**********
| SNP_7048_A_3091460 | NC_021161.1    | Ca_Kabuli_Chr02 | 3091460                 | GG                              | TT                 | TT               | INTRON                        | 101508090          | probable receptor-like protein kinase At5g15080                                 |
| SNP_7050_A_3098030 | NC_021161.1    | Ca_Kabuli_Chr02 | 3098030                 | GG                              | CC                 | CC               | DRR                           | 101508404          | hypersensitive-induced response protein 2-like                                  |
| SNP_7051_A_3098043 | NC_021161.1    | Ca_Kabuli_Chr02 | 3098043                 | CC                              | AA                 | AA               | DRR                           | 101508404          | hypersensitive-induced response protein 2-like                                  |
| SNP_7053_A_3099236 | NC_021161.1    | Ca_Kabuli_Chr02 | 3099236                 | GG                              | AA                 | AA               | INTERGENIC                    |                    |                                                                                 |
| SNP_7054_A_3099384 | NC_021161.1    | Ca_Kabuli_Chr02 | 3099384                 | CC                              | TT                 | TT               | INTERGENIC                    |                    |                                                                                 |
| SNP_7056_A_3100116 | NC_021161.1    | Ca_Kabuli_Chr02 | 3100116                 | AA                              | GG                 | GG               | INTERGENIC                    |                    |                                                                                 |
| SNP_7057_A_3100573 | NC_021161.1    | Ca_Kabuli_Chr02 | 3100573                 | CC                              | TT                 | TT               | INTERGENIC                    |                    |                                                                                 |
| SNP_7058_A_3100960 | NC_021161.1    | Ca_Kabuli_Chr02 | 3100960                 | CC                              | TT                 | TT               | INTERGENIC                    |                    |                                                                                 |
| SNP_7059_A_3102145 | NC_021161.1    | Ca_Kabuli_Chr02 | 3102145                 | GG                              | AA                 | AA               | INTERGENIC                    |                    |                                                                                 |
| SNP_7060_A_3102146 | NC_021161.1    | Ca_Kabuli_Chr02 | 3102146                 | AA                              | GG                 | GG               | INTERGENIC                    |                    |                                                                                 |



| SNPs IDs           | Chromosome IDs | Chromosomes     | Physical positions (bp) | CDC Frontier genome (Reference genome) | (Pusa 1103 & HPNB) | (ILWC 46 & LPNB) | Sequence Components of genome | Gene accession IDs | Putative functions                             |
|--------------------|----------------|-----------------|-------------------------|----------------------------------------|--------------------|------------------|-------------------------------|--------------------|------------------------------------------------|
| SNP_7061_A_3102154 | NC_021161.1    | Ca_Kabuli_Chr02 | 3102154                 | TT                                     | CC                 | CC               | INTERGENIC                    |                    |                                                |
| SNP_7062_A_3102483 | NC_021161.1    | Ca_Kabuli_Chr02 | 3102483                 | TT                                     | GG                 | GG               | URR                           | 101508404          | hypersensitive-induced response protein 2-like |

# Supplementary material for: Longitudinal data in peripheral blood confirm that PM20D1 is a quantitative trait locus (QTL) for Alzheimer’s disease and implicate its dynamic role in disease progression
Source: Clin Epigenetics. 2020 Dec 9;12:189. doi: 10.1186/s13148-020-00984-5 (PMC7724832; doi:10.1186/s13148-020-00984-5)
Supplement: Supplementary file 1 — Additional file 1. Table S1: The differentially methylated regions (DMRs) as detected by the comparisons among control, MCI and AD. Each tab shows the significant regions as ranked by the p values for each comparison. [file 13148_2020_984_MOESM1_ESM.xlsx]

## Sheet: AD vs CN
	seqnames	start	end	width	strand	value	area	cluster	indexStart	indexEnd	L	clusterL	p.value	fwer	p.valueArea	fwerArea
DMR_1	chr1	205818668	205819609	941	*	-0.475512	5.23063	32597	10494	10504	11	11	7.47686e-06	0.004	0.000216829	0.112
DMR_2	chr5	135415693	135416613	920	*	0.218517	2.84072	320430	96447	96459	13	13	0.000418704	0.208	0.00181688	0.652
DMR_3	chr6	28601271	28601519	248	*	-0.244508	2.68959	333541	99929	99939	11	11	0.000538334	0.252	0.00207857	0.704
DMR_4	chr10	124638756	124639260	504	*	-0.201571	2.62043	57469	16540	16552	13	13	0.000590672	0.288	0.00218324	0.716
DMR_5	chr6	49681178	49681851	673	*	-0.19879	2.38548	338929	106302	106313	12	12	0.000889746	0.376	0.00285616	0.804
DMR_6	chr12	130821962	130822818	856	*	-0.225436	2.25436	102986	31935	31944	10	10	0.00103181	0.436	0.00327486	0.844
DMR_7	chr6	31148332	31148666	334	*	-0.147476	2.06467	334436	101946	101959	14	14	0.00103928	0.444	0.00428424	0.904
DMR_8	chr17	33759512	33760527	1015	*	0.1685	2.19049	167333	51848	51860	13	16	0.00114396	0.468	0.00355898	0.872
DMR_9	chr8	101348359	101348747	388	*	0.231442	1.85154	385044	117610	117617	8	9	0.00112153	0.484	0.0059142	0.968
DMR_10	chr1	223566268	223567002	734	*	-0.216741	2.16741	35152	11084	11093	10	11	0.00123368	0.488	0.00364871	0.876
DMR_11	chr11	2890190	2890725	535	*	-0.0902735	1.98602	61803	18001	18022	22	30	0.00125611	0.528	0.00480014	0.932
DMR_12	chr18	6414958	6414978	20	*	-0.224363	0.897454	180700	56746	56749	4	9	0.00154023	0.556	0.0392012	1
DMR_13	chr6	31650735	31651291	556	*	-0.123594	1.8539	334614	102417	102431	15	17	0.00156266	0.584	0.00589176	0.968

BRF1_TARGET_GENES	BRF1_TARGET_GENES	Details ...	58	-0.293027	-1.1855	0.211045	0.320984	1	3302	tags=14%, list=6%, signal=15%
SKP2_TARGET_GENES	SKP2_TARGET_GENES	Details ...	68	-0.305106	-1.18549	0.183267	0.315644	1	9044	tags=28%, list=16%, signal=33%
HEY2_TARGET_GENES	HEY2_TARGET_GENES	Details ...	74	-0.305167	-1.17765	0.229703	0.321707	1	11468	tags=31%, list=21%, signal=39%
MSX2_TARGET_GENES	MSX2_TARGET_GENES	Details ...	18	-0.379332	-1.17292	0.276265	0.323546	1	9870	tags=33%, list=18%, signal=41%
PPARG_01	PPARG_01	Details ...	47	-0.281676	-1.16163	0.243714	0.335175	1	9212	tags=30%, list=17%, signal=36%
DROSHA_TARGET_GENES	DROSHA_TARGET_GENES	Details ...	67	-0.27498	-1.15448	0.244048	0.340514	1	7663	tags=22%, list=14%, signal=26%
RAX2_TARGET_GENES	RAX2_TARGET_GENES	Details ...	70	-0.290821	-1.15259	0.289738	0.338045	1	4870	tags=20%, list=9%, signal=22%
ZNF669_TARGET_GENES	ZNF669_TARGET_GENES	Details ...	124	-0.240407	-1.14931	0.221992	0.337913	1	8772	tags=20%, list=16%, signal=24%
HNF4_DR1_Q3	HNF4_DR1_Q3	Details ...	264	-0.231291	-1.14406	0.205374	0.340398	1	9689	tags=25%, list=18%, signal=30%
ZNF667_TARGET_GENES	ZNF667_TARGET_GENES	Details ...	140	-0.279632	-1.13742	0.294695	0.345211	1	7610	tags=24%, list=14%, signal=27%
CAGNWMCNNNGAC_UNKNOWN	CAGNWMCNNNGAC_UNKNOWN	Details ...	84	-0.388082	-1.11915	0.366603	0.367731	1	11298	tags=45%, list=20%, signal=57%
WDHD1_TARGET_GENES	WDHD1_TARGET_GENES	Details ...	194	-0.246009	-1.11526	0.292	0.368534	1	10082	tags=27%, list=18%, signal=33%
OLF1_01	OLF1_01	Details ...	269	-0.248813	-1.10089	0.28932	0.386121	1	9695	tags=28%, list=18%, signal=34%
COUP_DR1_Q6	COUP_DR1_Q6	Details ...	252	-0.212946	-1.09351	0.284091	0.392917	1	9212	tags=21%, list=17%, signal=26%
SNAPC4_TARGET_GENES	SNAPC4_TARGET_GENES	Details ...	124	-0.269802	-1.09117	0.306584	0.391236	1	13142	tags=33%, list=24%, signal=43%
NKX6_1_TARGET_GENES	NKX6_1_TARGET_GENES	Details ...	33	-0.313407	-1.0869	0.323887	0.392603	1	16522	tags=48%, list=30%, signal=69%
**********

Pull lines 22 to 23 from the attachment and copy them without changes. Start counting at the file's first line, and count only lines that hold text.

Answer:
DMR_3	chr6	28601271	28601519	248	*	-0.244508	2.68959	333541	99929	99939	11	11	0.000538334	0.252	0.00207857	0.704
DMR_4	chr10	124638756	124639260	504	*	-0.201571	2.62043	57469	16540	16552	13	13	0.000590672	0.288	0.00218324	0.716